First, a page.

Esports offers incredible opportunities for brands to get involved. But the rules are different from its more traditional counterparts.
Getting your brand involved in esports doesn’t have to be a high risk, high reward strategy. Over the past five years, non endemic brands have searched extensively for a means to reach the illusive millennial audience; for many, ‘esports’ returned as the definitive answer.
As an industry growing at a near exponential rate, esports has presented a host of opportunities for brands looking to get involved in the phenomenon. There are those who have capitalised, Coca Cola for example, one of the first to move into the space through event sponsorship, hosting tournaments and facilitating fan experiences. For too many though, the unchartered waters of esports have proved treacherous, causing irreparable damage to brands’ reputation as a result of the scene’s no-nonsense community.
As Matt Wolf, VP for Coke’s entertainment ventures and gaming noted, the key to reaching esports fans is to: “really understand them and, in a way, be one of them” by ensuring marketing “is organic and natural”. “If it is, you get unbelievable loyalty and praise… if it’s not, you can get some pretty serious toxic backlash.”
For the likes of Coke, who possess the resources to sponsor large esports events, the most important element is ensuring that the brand puts itself in the right places, sponsoring the right events for their target audience. Many smaller brands, however, have opted to pursue the route of esports content. If anything, this avenue can reap even greater rewards than outright sponsorship, yet so often, brands make the fatal error of misunderstanding the esports audience.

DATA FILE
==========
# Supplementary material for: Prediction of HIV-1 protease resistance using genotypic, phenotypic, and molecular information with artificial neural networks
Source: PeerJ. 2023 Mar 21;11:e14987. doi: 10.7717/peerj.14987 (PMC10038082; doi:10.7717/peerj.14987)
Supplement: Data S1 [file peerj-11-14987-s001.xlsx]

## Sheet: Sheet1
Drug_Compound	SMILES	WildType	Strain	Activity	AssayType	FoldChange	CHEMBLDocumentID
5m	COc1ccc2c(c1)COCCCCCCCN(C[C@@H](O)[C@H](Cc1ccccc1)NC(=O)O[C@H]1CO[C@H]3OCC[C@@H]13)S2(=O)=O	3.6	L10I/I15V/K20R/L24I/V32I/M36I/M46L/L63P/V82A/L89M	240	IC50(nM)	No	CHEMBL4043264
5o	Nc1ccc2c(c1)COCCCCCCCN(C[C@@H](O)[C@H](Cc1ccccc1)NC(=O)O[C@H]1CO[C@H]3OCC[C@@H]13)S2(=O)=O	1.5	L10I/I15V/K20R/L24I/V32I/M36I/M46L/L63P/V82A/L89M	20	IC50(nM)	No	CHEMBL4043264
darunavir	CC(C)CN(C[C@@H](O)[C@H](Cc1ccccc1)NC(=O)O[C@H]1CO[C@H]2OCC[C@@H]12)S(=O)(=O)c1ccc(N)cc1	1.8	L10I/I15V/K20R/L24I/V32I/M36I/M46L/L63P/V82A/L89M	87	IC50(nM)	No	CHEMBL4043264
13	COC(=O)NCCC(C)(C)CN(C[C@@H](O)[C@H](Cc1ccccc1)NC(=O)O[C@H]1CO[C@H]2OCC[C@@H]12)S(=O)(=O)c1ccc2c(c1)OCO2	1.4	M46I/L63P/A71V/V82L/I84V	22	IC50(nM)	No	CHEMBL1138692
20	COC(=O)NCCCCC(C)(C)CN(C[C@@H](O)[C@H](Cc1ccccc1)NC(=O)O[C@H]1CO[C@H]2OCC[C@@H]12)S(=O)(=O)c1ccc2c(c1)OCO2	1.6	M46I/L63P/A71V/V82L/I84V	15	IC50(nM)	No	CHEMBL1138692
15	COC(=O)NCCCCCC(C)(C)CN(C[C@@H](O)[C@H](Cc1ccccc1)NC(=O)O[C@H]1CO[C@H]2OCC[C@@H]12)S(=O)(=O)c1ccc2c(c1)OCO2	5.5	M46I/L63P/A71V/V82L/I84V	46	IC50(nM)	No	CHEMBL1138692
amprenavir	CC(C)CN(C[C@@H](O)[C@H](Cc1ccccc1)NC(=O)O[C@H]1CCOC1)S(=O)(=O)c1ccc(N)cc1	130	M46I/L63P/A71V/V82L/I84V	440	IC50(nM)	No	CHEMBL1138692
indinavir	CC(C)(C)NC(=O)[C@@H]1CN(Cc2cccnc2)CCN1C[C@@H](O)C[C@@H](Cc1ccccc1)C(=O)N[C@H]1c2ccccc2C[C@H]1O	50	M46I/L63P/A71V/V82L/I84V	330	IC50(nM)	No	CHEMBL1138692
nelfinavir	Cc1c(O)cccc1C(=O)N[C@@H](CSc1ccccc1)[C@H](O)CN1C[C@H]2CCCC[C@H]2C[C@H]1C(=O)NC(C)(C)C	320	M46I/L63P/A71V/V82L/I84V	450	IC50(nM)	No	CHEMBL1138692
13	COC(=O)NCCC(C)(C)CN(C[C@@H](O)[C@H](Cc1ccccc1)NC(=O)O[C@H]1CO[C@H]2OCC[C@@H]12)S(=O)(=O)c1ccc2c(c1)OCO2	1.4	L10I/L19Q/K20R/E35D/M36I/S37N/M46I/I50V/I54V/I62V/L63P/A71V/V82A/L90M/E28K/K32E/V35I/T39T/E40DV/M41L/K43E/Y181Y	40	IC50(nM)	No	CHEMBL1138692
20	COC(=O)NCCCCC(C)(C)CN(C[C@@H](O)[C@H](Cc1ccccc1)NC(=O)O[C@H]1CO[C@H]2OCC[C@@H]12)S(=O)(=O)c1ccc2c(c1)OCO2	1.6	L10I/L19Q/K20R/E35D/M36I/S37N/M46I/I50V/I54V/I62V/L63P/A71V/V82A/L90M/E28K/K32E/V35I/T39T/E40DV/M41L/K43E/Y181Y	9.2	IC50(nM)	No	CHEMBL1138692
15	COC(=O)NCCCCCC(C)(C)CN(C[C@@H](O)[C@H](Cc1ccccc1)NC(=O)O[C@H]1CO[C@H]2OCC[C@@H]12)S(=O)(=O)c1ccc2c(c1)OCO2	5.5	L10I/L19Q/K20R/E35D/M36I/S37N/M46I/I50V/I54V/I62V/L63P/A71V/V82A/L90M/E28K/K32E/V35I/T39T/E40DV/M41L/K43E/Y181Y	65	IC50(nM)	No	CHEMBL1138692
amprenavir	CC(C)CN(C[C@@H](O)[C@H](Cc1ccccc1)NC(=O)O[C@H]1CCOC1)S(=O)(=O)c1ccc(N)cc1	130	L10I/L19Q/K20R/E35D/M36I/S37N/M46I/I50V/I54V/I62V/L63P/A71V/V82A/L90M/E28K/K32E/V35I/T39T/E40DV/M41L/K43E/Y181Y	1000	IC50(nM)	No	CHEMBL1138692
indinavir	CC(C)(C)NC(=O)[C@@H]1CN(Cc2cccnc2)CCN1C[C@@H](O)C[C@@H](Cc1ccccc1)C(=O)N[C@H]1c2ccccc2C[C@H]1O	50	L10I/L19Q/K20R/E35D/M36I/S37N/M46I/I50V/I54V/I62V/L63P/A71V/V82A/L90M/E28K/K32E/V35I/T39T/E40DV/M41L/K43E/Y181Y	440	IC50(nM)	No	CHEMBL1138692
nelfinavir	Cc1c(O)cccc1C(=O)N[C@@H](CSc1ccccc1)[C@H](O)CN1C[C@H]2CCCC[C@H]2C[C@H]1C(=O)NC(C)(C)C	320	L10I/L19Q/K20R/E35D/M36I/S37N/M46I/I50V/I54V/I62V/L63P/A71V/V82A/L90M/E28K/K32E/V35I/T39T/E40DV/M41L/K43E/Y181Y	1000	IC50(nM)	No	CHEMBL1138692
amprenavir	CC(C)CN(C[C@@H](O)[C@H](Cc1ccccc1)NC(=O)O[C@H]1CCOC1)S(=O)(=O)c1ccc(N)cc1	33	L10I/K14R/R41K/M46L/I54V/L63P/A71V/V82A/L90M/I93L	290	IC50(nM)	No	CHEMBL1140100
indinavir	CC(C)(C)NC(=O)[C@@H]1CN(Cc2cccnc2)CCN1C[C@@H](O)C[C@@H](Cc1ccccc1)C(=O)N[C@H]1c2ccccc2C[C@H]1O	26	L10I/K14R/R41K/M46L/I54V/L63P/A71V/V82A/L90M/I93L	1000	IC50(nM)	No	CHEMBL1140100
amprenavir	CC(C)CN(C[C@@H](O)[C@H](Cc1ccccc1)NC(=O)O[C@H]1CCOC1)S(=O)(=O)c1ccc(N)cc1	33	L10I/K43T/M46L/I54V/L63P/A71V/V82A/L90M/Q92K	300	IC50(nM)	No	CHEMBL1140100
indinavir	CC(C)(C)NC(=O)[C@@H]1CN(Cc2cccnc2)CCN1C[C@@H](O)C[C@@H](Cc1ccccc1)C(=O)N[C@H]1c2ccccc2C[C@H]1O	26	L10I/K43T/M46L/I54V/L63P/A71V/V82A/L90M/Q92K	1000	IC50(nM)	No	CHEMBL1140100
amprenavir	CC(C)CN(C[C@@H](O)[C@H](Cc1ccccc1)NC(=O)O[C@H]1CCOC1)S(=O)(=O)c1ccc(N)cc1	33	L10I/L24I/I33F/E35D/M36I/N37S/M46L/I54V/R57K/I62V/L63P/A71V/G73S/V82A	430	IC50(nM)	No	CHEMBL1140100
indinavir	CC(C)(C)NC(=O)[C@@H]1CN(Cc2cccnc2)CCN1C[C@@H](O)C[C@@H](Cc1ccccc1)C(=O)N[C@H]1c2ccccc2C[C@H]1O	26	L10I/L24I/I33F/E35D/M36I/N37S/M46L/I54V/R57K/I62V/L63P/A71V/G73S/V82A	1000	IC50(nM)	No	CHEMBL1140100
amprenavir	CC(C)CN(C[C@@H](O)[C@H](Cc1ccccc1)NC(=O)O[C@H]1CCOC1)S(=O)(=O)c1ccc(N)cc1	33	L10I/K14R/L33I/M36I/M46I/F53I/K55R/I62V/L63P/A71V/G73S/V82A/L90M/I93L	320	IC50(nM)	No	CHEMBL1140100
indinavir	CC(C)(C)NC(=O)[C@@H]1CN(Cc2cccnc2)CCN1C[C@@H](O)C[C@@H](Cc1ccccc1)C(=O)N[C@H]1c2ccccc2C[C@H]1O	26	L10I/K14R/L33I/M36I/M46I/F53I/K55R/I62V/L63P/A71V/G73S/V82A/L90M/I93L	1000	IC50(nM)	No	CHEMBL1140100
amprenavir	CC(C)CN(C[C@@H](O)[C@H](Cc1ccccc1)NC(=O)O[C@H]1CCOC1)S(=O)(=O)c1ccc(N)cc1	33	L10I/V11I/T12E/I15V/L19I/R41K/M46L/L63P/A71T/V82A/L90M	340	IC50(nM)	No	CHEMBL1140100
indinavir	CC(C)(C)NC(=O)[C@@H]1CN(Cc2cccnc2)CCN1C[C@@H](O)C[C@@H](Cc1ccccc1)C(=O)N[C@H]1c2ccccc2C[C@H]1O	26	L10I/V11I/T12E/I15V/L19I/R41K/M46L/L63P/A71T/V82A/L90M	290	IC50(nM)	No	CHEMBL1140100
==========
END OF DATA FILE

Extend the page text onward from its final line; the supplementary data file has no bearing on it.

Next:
Just ask VICE GM, Hosi Simon. In 2015, VICE attempted to transition its media outlet, identifying the potential of the esports content space. VICE learned the hard way that the esports content space cannot be so easily exploited, after producing a documentary that was universally condemned by the esports and gaming communities:
As Simon remarked in reflection: “It’s one of the most hard-fought, earnest, passionate, harshest cultures out there. You can’t actually afford any sort of missteps.“. VICE has since left esports well alone. To succeed with esports content, brands need to ensure that they are speaking their audience’s languages, showing that they genuinely share fans’ passion for what was once a condemned sub-culture.
The Players’ Lobby provides that opportunity. By utilising established connections within the industry, TPL produces articles presented through the voice of esports’ top athletes; the authoritative voices of esports. Producing content that genuinely resonates with its target audience, The Players’ Lobby presents brands with a unique outlet through which to reach access one of media’s most difficult to navigate spaces.
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